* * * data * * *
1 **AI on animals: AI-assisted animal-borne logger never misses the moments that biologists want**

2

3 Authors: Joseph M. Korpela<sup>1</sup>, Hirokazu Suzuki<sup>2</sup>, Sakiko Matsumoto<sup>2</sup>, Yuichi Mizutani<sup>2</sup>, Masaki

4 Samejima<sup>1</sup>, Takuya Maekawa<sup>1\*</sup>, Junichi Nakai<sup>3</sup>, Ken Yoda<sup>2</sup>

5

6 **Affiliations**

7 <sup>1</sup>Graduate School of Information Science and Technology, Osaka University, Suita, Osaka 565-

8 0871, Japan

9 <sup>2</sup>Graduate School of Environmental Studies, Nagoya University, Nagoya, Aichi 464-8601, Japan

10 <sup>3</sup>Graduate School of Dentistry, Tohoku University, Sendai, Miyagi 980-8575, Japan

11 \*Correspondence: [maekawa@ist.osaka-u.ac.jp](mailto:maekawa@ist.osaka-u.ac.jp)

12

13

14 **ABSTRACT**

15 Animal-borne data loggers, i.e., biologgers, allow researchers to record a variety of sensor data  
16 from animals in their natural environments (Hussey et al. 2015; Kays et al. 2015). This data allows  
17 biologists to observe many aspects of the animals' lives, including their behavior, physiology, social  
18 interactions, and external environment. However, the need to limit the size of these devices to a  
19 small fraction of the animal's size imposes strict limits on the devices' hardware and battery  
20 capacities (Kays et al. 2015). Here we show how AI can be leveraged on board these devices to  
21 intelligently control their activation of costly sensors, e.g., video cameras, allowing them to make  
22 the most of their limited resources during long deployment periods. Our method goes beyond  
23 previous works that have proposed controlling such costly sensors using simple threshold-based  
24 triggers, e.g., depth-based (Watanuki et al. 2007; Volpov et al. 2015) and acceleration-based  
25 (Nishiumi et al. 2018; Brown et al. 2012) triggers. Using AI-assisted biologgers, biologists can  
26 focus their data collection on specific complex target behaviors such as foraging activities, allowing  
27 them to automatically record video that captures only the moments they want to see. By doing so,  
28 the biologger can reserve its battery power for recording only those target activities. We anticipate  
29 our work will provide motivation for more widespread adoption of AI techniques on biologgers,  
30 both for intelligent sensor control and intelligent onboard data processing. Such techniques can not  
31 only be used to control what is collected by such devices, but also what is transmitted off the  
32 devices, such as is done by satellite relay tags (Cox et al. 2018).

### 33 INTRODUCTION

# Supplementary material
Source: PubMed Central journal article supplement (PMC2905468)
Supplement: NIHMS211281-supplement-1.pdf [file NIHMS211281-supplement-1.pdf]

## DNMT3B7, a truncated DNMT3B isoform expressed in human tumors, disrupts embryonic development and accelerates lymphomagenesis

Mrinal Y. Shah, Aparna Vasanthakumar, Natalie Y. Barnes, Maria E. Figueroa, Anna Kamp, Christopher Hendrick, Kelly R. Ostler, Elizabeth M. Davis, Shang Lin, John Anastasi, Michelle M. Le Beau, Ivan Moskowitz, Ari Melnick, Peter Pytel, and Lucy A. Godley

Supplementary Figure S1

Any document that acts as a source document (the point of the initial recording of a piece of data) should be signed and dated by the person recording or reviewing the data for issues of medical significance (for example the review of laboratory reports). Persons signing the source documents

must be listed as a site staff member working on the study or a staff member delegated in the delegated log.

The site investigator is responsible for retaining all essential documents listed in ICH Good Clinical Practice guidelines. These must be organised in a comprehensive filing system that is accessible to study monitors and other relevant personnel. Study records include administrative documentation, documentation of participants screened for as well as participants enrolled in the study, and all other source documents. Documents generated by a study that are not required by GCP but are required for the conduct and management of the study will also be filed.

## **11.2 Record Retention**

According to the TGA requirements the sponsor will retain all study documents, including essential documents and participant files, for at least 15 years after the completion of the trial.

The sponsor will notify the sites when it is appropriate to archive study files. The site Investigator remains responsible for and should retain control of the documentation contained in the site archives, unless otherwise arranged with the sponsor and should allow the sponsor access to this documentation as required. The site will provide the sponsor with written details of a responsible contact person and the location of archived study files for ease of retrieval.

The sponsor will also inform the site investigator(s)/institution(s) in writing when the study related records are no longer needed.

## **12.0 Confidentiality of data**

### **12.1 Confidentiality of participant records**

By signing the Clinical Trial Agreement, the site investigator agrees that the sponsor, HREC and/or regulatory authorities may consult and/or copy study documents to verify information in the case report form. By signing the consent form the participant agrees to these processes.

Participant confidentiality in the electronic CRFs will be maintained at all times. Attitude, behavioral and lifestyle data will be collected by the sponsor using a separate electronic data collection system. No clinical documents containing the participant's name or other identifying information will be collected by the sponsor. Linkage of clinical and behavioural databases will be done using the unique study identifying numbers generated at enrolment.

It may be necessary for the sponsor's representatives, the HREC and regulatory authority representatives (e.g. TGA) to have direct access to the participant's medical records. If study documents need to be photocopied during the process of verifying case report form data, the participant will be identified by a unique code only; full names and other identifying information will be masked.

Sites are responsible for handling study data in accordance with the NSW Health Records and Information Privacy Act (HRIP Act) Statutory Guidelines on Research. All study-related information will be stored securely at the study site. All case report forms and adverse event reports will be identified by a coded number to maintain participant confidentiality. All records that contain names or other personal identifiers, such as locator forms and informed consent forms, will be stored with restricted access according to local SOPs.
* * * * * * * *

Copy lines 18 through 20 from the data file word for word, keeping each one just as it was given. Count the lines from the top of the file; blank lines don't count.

18 interactions, and external environment. However, the need to limit the size of these devices to a  
19 small fraction of the animal's size imposes strict limits on the devices' hardware and battery  
20 capacities (Kays et al. 2015). Here we show how AI can be leveraged on board these devices to  